May 06, 2018 I Sequoyah Kennedy

Undiscovered Dead Sea Scroll Revealed by Invisible Writing

A new investigation of the Dead Sea Scrolls using NASA imaging technology found scrolls that contain some of the oldest "paleo-Hebrew" writing ever found in the collection of mysterious texts and point to the existence of a previously undiscovered scroll, something not found in the Qumran caves for 60 years. According to Haaretz, the writing found on the scroll was "invisible to the naked eye" and was therefore passed over during investigations before using patented NASA space-age technology. Besides pointing to a mysterious, undiscovered Dead Sea Scroll, the text contains evidence of a changing Psalm, and complaints about how the temple was being run.

The announcement was made this week by the Israel Antiquities Authority. The IAA says that by using "imaging technology invented by NASA," they were able to decipher writing on the scrolls that had been invisible and unknown to even exist. They found fragments that did not seem to be a part of any of the other scrolls in the collection, leading researchers to conclude that an undiscovered Dead Sea Scroll exists, and it's probably one of the very oldest written.

Undiscovered scrolls are probably inevitable. Last year, researchers discovered the 12th cave in Qumran, which appeared as if it would house an entire new set of scrolls. It turned out to have already been looted, and no scrolls were recovered. That's a shame, because, although they have been deciphered and dated, we still don't know exactly who wrote the Dead Sea Scrolls.

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The Dead Sea Scrolls are mostly fragmentary.

Any new scroll is hope for researchers that there may be answers to at least some of the many questions that still surround the mysterious Dead Sea Scrolls.

Part of the new discoveries is a third version of the Temple Scroll, which is a scroll describing either how the temple was run, or how it should be run. The new writing seems to differ slightly from the two other versions already found, mainly in that it was written in different handwriting. This leads researchers to believe that it may have been commentary on the state of temple business.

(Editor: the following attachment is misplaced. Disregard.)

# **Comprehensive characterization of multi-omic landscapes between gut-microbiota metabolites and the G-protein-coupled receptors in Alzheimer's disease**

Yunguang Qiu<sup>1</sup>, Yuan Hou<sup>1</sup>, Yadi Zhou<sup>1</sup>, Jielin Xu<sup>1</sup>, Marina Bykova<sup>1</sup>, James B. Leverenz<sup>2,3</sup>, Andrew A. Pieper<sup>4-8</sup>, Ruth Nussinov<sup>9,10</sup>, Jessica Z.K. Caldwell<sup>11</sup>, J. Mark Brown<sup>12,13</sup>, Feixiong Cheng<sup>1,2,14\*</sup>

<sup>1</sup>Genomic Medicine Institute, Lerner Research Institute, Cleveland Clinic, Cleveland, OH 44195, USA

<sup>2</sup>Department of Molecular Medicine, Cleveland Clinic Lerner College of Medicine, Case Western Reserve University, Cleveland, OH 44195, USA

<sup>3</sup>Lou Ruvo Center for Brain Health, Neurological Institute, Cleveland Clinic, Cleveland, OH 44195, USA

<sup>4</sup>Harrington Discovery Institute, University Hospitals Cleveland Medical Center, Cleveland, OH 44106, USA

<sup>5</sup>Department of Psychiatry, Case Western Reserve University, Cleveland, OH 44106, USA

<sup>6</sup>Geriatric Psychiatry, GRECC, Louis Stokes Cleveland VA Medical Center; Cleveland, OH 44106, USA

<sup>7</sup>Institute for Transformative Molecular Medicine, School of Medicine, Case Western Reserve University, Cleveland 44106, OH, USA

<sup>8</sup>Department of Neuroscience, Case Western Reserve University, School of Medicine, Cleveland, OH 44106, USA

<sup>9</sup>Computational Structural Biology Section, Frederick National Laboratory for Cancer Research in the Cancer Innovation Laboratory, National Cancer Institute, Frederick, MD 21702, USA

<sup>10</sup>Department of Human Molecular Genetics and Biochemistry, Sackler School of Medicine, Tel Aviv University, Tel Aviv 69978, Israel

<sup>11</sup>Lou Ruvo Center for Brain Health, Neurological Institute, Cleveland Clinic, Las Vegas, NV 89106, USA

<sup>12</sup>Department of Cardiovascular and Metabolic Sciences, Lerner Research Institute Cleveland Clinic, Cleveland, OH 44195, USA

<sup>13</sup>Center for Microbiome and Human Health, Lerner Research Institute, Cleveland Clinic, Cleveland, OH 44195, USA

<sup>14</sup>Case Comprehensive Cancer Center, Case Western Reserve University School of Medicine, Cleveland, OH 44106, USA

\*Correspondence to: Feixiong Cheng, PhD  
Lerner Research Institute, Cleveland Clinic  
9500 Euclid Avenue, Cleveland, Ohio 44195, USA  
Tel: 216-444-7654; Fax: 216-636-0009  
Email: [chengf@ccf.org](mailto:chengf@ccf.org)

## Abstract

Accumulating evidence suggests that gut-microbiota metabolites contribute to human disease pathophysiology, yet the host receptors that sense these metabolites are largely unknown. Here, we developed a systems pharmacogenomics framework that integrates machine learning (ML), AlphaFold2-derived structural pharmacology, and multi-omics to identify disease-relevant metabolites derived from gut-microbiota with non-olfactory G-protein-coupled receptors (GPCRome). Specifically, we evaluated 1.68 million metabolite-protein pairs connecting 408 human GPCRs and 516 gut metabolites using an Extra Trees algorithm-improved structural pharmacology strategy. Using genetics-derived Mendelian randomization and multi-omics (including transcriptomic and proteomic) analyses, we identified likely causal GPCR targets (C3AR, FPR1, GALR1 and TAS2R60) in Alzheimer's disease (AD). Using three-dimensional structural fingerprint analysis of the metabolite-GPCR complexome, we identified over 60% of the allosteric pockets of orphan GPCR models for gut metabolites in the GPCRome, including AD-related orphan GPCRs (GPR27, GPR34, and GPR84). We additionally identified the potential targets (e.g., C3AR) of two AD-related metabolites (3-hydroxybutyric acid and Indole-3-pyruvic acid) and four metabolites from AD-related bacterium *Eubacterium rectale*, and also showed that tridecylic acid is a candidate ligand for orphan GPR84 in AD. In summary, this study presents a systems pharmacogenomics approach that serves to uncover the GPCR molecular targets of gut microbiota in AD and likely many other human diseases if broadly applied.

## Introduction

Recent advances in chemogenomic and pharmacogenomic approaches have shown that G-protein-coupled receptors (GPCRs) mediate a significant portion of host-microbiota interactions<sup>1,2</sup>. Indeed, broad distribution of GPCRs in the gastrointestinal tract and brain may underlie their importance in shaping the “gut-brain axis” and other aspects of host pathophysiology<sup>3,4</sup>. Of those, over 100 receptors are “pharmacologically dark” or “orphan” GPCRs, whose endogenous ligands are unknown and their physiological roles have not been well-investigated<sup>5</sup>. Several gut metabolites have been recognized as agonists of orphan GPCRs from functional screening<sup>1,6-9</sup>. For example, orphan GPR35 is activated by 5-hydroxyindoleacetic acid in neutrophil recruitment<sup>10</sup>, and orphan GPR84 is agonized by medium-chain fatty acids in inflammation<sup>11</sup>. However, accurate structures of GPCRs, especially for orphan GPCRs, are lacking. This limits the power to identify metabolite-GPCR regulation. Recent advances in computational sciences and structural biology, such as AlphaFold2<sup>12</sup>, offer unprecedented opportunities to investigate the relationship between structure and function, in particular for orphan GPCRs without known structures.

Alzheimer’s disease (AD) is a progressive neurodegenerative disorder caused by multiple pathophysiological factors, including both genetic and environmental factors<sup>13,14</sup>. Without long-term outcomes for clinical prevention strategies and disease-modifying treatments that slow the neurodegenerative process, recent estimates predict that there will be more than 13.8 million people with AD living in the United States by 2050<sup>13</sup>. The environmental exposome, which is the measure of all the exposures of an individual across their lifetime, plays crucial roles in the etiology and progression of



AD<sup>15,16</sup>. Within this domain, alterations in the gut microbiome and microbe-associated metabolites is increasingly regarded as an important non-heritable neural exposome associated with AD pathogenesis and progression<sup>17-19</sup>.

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Qumran cave, where the scrolls were first discovered.

The newly deciphered writings also contain a part of the Psalm 147 that had previously been missing: the beginning of the first verse. It turns out that it was a word shorter than the version used today. While not exactly earth-shattering,  it's strange how little that it's changed since the 1st century CE.

The Dead Sea Scrolls are a curious area of archaeology. On one hand, it's an incredibly intriguing find, and one that, if completely deciphered, could provide some glimmers of answers to some of humanity's oldest questions. On the other hand, the scrolls are so mysterious and inscrutable that they currently raise more questions than they answer. As time passes since the initial 1940 discovery, there is a real possibility that some of these questions may never be answered, and the scrolls will remain a mystery.



Sequoyah Kennedy

Sequoyah is a writer, music producer, and poor man's renaissance man based in Providence, Rhode Island. He spends his time researching weird history and thinking about the place where cosmic horror overlaps with disco. You can follow him on Twitter: @shkennedy33.

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